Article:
Feds will no longer use private prisons –> Concluding that they are neither more safe nor more effective than government-run facilities, the Justice Department issued a memo yesterday instructing officials not to renew contracts with private prison operators. The Washington Post reports, “While experts said the directive is significant, privately run federal prisons house only a fraction of the overall population of inmates. …The directive is instead limited to the 13 privately run facilities, housing a little more than 22,000 inmates, in the federal Bureau of Prisons system.” The vast majority of America’s incarcerated reside in state prisons, and the memo does not apply to them.
This decision also does not apply to federal detention centers, reports Roque Planas for The Huffington Post. “The new DOJ policy won’t change the fact that private companies enjoy lucrative contracts with the Immigration and Customs Enforcement to run immigrant detention centers or with the US Marshals Service to jail immigrants for short periods of time… Private prison companies manage more than one-half of all immigrant detention beds in the US, according to a report published last year by the Texas-based advocacy group Grassroots Leadership.”
Many of these detention centers — whether run by the government or by private operators — are notorious for their poor conditions. At The Nation, Joshua Holland has a report from Pennsylvania, where 22 mothers are waging a hunger strike to draw attention to conditions at a facility where they are being held with their children after turning themselves in as refugees from violence in Central America.
And The New York Times’ Fernanda Santos has pictures of detention centers in Arizona, where Border Patrol is holding detainees: “Some photographs show migrants lying shoulder to shoulder on bare concrete floors while neighboring cells are empty, sleeping pads stacked against walls. In one image, a man drinks from a gallon jug, apparently the only source of water for all the detainees in his cell. In another, men sleep against a toilet stall.”
Billionaire wins a round –> Silicon Valley magnate Peter Thiel has succeeded in his goal of destroying the irreverent internet tabloid Gawker. This week, Univision bought the publication’s parent company, Gawker Media, and has announced that while it will continue to publish the company’s other blogs — such as Gizmodo and Jezebel — it will shut down Gawker. The lawsuit brought by Hulk Hogan against Gawker, which Thiel secretly funded, drove the company into bankruptcy.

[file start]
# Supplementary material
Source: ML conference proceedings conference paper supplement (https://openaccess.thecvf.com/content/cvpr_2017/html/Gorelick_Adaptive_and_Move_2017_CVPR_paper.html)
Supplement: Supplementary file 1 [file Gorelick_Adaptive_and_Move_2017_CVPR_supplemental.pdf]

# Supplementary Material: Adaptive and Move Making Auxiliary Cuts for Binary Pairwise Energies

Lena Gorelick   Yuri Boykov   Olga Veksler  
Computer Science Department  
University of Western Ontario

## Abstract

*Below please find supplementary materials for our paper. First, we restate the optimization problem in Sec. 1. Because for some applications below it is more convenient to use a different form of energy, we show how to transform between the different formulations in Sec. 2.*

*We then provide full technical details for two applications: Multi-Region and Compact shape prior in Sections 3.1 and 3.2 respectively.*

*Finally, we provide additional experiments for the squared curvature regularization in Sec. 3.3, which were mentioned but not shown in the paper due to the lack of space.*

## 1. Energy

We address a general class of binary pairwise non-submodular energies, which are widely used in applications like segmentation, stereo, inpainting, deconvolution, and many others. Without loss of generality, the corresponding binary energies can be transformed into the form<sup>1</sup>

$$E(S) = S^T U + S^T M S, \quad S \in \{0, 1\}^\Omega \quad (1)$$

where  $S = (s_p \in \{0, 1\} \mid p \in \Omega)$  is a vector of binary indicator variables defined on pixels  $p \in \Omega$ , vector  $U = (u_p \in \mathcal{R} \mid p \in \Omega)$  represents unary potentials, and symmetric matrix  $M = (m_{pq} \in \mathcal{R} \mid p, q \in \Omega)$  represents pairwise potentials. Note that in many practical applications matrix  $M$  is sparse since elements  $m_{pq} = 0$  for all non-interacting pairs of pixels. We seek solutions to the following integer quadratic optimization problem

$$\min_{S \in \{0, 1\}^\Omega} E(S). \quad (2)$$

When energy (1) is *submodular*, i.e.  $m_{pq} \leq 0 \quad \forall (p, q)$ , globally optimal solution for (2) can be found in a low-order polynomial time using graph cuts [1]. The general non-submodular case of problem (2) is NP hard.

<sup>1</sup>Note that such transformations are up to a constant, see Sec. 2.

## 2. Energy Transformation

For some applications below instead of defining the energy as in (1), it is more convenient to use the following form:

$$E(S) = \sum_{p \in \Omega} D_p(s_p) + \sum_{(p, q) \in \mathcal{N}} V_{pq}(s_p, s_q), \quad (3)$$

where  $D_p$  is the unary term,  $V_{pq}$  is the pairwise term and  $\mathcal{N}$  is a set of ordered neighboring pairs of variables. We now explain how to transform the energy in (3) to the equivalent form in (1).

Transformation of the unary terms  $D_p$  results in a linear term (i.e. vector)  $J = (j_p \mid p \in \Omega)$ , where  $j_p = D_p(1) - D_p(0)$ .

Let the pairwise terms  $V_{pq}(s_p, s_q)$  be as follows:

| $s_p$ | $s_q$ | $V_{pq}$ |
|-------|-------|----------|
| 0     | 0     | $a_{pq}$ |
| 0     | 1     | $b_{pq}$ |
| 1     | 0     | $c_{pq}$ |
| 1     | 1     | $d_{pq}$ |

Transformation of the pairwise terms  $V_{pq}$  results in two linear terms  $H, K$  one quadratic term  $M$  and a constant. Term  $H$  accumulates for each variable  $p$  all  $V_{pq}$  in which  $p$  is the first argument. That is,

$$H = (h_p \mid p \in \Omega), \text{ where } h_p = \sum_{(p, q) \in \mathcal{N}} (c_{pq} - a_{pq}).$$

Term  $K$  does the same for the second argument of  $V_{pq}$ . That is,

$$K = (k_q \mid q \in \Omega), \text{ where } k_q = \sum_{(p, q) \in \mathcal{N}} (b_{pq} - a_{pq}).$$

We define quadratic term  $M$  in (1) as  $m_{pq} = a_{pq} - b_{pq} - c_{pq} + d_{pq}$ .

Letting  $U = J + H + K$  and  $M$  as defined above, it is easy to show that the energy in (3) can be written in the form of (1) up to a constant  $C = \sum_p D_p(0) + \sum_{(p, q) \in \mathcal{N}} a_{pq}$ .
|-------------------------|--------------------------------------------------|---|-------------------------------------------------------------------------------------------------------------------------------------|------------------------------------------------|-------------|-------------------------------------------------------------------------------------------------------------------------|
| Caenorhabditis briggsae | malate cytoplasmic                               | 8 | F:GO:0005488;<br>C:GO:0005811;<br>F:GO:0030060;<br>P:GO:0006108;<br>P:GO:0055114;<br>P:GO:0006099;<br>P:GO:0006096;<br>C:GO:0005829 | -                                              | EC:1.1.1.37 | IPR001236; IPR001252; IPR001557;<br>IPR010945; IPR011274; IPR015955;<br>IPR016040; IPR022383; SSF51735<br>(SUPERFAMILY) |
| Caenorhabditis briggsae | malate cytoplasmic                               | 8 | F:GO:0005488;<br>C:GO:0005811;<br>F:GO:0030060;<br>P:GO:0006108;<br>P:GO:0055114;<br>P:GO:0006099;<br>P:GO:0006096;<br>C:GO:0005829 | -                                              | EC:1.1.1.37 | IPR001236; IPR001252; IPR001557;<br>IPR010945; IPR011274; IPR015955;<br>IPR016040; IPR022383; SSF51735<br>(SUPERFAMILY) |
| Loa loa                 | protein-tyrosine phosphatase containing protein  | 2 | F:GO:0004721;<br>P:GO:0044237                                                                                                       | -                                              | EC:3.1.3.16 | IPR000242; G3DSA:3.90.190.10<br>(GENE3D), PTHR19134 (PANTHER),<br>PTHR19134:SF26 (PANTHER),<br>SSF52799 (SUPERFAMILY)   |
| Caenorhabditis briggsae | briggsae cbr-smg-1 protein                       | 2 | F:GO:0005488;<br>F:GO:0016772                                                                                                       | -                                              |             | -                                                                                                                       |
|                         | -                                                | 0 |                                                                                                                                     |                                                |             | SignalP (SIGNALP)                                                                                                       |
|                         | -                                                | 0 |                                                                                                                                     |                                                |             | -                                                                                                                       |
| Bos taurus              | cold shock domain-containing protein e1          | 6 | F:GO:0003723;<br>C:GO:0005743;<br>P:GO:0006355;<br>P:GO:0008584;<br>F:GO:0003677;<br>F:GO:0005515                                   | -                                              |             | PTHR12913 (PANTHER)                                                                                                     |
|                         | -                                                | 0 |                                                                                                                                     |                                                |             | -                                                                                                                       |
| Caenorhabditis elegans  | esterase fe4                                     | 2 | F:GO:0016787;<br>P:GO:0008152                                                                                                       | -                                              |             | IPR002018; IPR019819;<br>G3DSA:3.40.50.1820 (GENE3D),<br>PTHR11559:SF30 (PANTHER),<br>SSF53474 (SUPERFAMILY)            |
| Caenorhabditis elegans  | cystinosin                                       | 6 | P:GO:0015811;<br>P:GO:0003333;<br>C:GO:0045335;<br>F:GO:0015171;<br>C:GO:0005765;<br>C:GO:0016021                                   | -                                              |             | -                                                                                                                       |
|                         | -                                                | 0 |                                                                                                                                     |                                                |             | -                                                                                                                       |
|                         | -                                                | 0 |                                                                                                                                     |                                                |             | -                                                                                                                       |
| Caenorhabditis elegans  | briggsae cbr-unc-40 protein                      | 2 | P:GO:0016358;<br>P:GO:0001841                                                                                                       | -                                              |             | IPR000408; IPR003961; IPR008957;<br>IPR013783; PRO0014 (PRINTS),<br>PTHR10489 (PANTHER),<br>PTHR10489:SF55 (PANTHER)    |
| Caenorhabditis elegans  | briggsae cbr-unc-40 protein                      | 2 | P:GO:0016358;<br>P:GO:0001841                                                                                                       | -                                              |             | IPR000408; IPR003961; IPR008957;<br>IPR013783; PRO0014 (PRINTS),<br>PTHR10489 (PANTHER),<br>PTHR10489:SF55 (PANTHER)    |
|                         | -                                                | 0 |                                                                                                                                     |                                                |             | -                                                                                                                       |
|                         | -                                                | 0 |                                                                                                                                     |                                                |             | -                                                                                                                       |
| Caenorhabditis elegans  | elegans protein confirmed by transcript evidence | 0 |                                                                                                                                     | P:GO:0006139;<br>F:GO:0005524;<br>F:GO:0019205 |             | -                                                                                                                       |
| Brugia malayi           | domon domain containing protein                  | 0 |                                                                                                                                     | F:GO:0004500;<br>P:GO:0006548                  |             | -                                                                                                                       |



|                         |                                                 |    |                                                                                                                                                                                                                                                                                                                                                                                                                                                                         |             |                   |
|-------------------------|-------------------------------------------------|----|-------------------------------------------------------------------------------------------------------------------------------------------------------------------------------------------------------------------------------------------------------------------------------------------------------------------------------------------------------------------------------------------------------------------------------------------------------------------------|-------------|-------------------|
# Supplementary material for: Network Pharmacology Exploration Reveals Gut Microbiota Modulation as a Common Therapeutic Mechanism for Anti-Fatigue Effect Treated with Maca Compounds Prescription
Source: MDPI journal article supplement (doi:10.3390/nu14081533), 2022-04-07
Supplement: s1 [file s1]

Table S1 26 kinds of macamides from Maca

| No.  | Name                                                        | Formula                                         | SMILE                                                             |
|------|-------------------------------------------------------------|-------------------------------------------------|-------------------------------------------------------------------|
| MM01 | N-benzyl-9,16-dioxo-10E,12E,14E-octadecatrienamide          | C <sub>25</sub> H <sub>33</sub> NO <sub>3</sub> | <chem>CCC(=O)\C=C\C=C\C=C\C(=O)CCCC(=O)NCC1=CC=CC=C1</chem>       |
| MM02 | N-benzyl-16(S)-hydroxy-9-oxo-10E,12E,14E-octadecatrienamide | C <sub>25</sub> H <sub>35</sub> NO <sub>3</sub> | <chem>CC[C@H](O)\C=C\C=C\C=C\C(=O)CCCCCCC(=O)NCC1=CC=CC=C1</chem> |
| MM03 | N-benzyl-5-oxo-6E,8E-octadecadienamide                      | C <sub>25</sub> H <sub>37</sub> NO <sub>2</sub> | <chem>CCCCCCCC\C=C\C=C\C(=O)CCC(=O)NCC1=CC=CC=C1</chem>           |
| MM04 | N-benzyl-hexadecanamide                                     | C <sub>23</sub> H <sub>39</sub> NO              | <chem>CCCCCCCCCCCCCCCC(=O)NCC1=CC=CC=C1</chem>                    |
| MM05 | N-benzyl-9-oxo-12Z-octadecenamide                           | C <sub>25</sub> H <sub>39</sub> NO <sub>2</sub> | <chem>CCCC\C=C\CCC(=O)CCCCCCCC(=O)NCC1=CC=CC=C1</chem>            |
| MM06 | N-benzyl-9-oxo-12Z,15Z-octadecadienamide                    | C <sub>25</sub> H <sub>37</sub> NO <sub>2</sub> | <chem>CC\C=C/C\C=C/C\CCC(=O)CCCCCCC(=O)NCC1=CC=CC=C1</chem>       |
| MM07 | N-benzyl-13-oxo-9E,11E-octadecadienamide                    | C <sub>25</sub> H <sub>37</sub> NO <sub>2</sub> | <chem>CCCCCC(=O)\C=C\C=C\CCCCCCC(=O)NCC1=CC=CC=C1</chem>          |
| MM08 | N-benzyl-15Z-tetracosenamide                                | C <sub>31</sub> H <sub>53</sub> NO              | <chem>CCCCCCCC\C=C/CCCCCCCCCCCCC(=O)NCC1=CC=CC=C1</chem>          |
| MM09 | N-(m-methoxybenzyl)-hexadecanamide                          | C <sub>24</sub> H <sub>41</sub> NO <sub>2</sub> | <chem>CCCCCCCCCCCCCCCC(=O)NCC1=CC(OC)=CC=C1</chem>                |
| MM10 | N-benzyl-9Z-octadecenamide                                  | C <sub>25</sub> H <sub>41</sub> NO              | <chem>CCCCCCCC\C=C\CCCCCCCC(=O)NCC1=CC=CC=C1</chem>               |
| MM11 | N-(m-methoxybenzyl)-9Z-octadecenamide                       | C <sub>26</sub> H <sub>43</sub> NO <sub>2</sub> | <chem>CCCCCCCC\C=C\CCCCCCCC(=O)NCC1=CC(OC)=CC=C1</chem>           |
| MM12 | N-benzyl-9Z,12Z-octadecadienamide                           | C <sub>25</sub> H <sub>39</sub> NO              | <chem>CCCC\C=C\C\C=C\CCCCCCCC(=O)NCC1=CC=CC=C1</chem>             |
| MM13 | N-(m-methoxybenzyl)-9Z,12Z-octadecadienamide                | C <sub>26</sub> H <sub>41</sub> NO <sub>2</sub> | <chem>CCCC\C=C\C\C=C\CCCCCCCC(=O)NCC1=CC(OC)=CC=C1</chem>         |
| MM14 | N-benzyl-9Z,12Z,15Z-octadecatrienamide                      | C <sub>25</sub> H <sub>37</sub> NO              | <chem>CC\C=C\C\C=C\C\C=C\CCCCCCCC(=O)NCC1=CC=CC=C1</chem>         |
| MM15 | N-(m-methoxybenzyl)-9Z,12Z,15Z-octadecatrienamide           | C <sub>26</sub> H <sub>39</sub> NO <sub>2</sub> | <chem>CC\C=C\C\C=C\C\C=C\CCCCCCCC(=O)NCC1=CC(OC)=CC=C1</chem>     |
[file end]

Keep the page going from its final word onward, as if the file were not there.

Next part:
While Gawker made quite a few enemies over the years by going after the powerful — including publishing some stories of questionable newsworthiness — Thiel’s success should worry those who value a free press. Monika Bauerlein and Clara Jeffery, editors of Mother Jones, wrote earlier this summer: “Most people think of ‘the media’ as very powerful. And that may be true, if you define ‘media’ as everything from Netflix and HBO to Univision and Disney. But ‘journalism’ is a very small subsegment of that big ‘media industry’—and journalism is more vulnerable than it’s ever been.” Mother Jones also faced a costly suit from a billionaire whose political activity the magazine reported on.
Clinton foundation plans for Clinton presidency –> Amy Chozik for The New York Times: “Facing criticism for some of the donations given to his family’s philanthropy, Bill Clinton said on Thursday that the Clinton Foundation would no longer accept foreign or corporate money and that he would resign from its board should Hillary Clinton win the presidency… The former president also said on Thursday that whether Mrs. Clinton wins or loses, the Clinton Foundation would end the Clinton Global Initiative, an annual gathering of global leaders, philanthropists, donors and celebrities to discuss topics of international concern. It will hold its final gathering in September.”
Wall Street nervous that Trump’s plans are too kind to them –> Benjamin Bain and Elizabeth Dexheimer report for Bloomberg that “Trump’s call for a moratorium on new regulations is getting a chilly reception in Washington’s financial-services lobbying community.” Alison Hawkins, the Financial Services Roundtable’s vice president of communications told Bloomberg, “We are not pushing for a moratorium on all financial regulation. We are very much open to tweaking existing regulations and are actively participating in shaping ongoing regulation.”
At the end of a week of climate impacts… –> As Louisiana picks up the pieces after historic flooding, NPR reports on an Alaskan Inupiat community who have voted to relocate to escape rising seas. Esau Sinnok, an Arctic Youth ambassador, explains their decision to All Things Considered: “Shishmaref will be underwater within the next three decades, and if we do not do anything, we’ll be forced to move to another city like Nome or Kotzebue or Fairbanks or Anchorage, and not many people will move to the same place. So that means our unique community of Shishmaref will soon die out because we have our unique dialect of Inupiat Eskimo language, our unique Eskimo dancing, our unique gospel singing translated in Inupiat. All that will soon die out if we do not move as a community.”
Protest art –> An anarchist group placed statues of a naked Donald Trump, sans certain anatomy, in cities across America yesterday. “The statues show a veiny Trump with a saggy bottom. There are also specific details, such as a Masonic ring on his finger,” The Guardian reports. The group behind the art “explained that they wanted humiliate Trump while nodding towards his authoritarian tendencies, as dictators often erect statues of themselves.” (Warning: The statues aren’t exactly, uh, aesthetically pleasing.)
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